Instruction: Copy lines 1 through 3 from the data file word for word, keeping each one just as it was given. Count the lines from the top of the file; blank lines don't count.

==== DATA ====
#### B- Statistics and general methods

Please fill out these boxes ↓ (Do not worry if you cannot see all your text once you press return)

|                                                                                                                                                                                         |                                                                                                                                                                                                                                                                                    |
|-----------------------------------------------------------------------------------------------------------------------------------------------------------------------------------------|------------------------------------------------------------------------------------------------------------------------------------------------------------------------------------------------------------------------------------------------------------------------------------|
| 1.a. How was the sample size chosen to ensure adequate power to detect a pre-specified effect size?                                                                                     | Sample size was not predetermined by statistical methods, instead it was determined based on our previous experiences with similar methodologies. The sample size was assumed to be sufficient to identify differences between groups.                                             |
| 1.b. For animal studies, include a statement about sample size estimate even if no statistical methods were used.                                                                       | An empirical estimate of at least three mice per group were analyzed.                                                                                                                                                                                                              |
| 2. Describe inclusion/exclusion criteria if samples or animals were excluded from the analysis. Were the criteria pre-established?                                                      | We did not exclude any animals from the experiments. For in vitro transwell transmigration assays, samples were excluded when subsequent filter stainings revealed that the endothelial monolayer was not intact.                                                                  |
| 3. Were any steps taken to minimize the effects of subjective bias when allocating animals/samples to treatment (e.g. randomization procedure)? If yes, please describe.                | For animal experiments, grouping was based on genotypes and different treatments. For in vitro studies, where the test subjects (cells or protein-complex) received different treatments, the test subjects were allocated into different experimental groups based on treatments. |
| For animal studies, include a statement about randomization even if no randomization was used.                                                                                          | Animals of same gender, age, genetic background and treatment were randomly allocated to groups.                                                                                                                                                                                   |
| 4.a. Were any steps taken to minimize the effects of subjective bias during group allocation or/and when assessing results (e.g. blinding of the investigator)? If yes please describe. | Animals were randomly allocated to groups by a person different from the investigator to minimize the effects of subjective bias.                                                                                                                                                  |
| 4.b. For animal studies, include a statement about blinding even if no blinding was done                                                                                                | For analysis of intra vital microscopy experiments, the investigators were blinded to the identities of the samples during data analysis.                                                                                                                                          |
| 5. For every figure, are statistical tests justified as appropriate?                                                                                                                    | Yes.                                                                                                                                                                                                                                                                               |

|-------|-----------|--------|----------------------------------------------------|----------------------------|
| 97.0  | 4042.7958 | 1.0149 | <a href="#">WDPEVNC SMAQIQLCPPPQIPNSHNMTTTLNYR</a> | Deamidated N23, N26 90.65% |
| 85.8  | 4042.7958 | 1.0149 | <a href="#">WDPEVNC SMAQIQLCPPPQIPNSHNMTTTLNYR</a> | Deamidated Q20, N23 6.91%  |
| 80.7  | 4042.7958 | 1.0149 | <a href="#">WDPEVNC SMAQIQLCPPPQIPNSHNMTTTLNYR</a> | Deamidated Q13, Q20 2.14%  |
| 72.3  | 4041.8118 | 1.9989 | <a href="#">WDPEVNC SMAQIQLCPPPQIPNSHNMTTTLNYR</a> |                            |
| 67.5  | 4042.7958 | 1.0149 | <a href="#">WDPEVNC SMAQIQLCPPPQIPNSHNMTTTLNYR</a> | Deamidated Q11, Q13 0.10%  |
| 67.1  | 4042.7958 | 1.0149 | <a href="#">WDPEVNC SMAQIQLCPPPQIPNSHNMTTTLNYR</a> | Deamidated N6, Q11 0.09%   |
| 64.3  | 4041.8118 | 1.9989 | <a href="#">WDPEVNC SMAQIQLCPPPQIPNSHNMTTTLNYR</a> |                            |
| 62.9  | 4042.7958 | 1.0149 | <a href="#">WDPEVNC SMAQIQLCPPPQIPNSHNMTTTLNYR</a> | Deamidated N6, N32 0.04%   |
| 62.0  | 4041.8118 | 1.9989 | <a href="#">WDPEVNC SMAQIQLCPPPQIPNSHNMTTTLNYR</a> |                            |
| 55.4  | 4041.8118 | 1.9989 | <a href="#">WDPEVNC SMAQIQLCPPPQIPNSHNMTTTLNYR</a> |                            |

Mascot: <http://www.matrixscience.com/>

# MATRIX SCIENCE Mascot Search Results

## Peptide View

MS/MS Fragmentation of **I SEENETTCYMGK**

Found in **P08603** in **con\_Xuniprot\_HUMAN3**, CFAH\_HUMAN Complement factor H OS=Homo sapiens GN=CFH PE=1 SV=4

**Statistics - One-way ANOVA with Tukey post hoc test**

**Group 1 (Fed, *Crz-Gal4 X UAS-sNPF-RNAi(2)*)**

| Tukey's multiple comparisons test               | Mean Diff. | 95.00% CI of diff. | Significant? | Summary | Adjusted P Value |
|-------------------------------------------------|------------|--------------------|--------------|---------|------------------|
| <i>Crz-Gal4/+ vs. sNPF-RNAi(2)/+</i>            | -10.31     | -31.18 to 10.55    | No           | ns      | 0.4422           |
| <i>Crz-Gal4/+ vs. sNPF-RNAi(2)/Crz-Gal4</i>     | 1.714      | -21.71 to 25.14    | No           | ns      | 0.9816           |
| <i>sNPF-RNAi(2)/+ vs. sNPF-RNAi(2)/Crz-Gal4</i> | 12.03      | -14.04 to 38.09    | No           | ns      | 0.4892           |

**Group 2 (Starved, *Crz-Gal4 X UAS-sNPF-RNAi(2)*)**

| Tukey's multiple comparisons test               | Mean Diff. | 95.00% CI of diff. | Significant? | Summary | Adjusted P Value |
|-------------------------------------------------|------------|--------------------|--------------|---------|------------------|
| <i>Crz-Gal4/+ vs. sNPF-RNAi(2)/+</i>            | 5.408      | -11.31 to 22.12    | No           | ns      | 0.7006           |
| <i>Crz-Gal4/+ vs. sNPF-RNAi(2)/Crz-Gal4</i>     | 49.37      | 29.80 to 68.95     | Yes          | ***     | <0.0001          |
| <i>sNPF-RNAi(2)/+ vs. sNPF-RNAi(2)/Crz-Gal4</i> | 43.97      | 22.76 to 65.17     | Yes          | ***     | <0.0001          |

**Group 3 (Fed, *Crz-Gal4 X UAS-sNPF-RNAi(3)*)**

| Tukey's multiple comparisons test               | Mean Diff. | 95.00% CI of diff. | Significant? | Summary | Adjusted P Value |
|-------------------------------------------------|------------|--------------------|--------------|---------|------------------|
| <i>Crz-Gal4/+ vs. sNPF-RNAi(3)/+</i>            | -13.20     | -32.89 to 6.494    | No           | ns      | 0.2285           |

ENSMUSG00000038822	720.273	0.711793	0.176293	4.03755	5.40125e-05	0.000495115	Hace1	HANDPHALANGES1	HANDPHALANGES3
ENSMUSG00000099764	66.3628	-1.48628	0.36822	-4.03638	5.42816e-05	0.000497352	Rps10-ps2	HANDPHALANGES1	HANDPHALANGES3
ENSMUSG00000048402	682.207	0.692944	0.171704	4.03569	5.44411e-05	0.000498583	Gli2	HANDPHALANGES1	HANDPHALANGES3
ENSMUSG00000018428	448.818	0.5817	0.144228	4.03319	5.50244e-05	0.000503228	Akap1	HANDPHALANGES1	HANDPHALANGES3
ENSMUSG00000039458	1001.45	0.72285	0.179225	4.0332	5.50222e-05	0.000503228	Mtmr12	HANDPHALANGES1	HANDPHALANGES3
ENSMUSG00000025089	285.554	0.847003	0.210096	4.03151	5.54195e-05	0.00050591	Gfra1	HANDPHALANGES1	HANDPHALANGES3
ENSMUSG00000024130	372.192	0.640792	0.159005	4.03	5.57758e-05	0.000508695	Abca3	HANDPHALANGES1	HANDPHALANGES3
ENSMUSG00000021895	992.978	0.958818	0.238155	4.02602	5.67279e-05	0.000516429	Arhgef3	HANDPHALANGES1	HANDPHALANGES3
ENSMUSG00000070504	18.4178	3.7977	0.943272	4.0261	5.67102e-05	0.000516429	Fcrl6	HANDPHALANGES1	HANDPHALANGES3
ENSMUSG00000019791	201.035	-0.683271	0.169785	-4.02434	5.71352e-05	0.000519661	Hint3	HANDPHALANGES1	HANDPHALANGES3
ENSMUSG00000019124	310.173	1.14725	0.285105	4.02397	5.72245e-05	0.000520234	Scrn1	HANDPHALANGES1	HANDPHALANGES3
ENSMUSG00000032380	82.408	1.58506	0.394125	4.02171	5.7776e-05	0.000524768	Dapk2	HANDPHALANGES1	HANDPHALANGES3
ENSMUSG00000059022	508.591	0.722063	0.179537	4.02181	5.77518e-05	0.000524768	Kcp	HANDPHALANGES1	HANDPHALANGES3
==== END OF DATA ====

#### B- Statistics and general methods

Please fill out these boxes ↓ (Do not worry if you cannot see all your text once you press return)

|                                                                                                                                                                                         |                                                                                                                                                                                                                                                                                    |